Pluto (Cert 15)
1 Disc (Distributor: Third Window Films) Running Time: 107 minutes approx.
We all know that school is a fiercely competitive arena for some students, with those at the top desperate to stay at the top – especially if they come from an affluent family and move in circles where status is everything. At one particular exclusive Korean boarding school, the top 1% of students will stop at nothing to maintain their elite position as Shin Su-won’s Pluto explores.
Male student Yujin (Sung Joon) is found dead in the woods not far from the school grounds. The immediate suspect is recent transfer student Kim June (David Lee) who swears his innocence but with his mobile phone found with the body and the testimonies of his fellow students, the scenario doesn’t look good. However lack of evidence means June is released, allowing him to settle some old scores.
The caveat is that June isn’t entirely blameless here. Upon arriving at the school he is immediately made to feel like an outcast by the other kids due to his modest working class background. Even his roommate Yujin does nothing to make him feel welcome, and the tension is fuelled when the two argue over the official status of Pluto in solar system during class.
Thanks to the computer hacking skills of female classmate Jung Sujin (Kim Kkobbi), June learns that the special class have access to the exam questions which they share via secret notebooks. June wants in but first he has to pass a number of tests, which become more outrageous and dangerous as they progress.
Shin Su-won has rather boldly cast an acerbic eye over the Korean education system and the social snobbery to explore the heavy demands and expectations of the young by both family and society. While most parents would be happy for their kids to do well and get good results it is the prestige of the university the child attends that is more important, a myopic and superficial ideal that has been ingrained in the students of this story. A former teacher herself, Shin has the insider knowledge on the schooling system so we can only presume that she was relating her own experiences and observations with us through this film.
The story is told in flashback intertwined with the present day footage, revealing the key points piecemeal which makes for an engaging and tense narrative, rife with some nice misdirection on points that seem too obvious. We learn that June was an early victim of the group’s pranks while trying to fit in, finding a lone ally in Sujin who has her own reason for disliking the elite club. They become less a team raging against the elite machine rather one outcast trying to get through to the other the sheer nastiness of what they are becoming.
Perhaps the one noticeable weakness of the Pluto is how many familiar conventions have been adhered to in both the story and the characterisations. For instance, the elite kids are made up of the pretty but bitchy Mi-ra (Sun Joo-A), the bespectacled but arrogant Myungho (Kim Kwon) and the chubby and slightly nerdy Bo-ram (Nam Tae-Boo). Their parents are depicted in the most gregarious of stereotypes, draped in the finest fashions, expensive jewellery and drinking the dearest champagne while looking down on June’s poor mother (Kil Hae-Yeon), mocking her meagre insurance salesperson job.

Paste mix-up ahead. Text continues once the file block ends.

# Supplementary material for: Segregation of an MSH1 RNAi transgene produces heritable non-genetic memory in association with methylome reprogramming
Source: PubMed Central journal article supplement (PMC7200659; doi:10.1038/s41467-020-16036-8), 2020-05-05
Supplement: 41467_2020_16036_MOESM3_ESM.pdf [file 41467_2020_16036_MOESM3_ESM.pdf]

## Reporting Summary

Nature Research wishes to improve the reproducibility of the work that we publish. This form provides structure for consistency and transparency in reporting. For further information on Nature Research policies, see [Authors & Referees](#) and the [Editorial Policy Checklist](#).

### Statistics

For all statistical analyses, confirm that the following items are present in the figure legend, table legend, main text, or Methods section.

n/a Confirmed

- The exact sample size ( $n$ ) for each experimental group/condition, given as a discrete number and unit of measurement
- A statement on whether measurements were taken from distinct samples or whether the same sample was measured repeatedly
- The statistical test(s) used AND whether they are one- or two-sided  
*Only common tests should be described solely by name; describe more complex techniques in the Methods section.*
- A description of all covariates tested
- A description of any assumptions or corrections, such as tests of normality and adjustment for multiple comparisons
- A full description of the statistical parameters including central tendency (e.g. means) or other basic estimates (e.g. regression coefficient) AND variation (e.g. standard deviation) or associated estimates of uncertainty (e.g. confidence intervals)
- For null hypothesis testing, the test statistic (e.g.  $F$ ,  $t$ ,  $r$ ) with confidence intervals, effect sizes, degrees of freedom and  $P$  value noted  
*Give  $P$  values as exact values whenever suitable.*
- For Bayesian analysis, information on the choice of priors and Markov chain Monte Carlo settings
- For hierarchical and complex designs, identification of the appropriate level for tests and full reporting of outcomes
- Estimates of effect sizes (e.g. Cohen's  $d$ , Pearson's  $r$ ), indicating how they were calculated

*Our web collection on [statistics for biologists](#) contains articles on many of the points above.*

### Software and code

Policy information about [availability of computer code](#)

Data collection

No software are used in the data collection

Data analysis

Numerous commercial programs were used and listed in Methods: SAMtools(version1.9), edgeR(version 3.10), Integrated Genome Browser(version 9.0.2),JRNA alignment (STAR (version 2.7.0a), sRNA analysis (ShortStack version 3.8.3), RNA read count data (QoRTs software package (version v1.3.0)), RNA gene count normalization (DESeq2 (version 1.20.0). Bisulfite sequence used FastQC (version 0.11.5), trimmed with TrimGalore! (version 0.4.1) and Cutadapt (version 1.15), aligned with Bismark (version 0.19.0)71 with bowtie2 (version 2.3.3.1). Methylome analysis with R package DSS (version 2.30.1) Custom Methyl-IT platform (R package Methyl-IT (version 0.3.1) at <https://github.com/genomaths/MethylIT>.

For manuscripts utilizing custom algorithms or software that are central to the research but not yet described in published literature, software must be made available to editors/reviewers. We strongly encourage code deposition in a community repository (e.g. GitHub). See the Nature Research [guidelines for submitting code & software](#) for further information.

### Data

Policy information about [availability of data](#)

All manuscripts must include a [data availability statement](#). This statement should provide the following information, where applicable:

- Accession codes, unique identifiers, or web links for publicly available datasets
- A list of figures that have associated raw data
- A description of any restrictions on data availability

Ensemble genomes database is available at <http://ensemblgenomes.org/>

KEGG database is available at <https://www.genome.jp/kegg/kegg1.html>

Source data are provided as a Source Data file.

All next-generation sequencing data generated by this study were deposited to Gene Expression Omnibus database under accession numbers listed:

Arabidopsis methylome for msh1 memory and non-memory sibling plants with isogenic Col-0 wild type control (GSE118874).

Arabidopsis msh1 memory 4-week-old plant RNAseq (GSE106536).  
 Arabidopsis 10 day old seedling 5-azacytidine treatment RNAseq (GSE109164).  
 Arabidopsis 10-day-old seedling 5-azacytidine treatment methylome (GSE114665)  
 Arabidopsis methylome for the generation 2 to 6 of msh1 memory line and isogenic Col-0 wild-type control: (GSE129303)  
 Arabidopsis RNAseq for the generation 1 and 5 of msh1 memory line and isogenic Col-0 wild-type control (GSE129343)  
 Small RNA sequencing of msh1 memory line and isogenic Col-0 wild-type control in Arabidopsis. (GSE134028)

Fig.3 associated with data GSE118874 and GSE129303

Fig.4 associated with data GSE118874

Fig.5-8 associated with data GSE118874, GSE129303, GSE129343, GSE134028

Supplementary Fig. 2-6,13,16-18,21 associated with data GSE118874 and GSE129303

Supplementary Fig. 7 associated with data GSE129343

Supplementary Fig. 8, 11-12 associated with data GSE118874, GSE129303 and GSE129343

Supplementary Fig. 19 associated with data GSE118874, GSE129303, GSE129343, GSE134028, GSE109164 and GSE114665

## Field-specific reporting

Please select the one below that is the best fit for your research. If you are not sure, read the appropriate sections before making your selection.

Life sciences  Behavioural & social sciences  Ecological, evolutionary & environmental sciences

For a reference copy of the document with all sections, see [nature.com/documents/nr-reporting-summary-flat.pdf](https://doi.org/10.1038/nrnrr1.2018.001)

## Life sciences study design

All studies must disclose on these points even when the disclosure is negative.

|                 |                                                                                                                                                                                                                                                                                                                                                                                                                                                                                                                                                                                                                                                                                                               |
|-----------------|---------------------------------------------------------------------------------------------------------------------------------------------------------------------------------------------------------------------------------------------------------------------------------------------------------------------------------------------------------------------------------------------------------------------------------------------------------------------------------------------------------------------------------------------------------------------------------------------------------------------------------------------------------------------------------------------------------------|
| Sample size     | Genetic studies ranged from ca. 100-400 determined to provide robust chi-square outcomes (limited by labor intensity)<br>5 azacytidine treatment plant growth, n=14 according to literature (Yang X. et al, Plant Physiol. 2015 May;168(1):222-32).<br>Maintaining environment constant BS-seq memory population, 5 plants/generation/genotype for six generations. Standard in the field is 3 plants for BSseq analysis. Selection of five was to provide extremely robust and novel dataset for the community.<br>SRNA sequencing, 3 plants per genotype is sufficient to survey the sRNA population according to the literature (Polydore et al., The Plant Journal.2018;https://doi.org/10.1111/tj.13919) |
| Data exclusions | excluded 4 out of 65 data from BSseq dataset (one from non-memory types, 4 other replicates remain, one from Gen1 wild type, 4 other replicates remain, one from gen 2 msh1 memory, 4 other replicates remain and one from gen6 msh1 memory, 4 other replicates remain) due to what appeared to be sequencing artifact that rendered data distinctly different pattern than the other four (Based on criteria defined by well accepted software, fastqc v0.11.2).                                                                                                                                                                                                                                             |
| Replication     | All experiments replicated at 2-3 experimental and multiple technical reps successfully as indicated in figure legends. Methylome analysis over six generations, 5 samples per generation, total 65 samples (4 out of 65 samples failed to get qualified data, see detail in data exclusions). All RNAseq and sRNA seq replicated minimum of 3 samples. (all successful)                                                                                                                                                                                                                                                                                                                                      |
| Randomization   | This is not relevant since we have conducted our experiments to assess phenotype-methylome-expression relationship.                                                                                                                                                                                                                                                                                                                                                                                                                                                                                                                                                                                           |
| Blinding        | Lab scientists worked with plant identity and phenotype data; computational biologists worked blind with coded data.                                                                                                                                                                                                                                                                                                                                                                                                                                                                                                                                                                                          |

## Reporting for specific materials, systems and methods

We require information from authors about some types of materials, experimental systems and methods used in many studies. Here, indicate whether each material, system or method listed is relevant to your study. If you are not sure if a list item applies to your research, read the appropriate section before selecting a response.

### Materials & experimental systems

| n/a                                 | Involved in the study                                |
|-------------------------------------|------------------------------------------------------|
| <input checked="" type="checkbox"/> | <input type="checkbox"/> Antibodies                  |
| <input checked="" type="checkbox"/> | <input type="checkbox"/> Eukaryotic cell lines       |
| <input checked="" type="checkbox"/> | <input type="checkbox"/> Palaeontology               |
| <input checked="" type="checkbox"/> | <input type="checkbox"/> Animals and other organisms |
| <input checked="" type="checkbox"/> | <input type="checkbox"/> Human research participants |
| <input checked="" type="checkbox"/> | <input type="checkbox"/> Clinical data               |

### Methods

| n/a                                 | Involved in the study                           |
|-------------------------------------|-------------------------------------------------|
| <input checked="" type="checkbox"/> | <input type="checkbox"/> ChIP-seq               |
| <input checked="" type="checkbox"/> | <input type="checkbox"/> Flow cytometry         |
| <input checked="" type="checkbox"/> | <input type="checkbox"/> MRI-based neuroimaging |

But this is a minor cavil which is more than compensated by the taut and bleak mystery drama that unfolds before us. Shin’s script cleverly uses the social commentary as a fuel for the events of her story rather than be the centre of it, unravelling a multi-layered tale of murder and revenge in the process. The main focus is June’s slow moral and personal decline in his pursuit of becoming among the elite, but the story is full of upsetting and grim revelations that play a key part in the films decisively hopeless and tragic denouement.
If you are wondering where Pluto the planet fits into it, the reason for its exclusion from the solar system is that it is too small therefore not eligible to be lumped in with the other planets. June, somewhat shorter then the others, is therefore the Pluto of the smart kids, a clever metaphor some may have missed. Less subtle is the quote that opens the film telling us that a record high of students in Korea either quit their studies or commit suicide such is the pressure they are under, something Shin weaves into the story.
This may be a low budget affair but Shin has managed to attract some impressive talent to make up the cast. David Lee has form playing the tearaway teen, as he was the murderous grandson in Poetry. He is able to be both sympathetic and unpleasant making June a very rounded and interesting main character. The elite kids are suitably arrogant and irritatingly smug, while Sung Joon, perhaps a bit too mature for the role of Yujin, is given a bit more depth as the film rolls on.
As ever, the scene stealer is the talented Kim KKobbi, who many may recognise from the bleak and ultra violet Breathless. Despite pushing 30, KKobbi is able to succeed in portraying a 19 year-old both physically and emotionally, such is her incisive understanding of nuances and minutiae.
Pluto isn’t afraid to paint Korean school life as an unpleasant experience; it’s not the first film to do this and it won’t be the last. It deserves plaudits for being so boldly provocative as well as a tightly crafted and wholly captivating viewing experience. Plus we also have a new voice in Korean cinema to look up to, and a female one at that, in Shin Su-won, whose promise is plain to see in this film.
To add a little perspective, Pluto could neatly sit in between another Korean school yarn Bleak Night and the Japanese psychodrama Confessions as an unofficial dark Asian High School trilogy – it’s that visceral and that evocative.
Interview with director Shin Su-won
Interview with actress Kim Kkobbi
Third Window Trailers
Rating – ****
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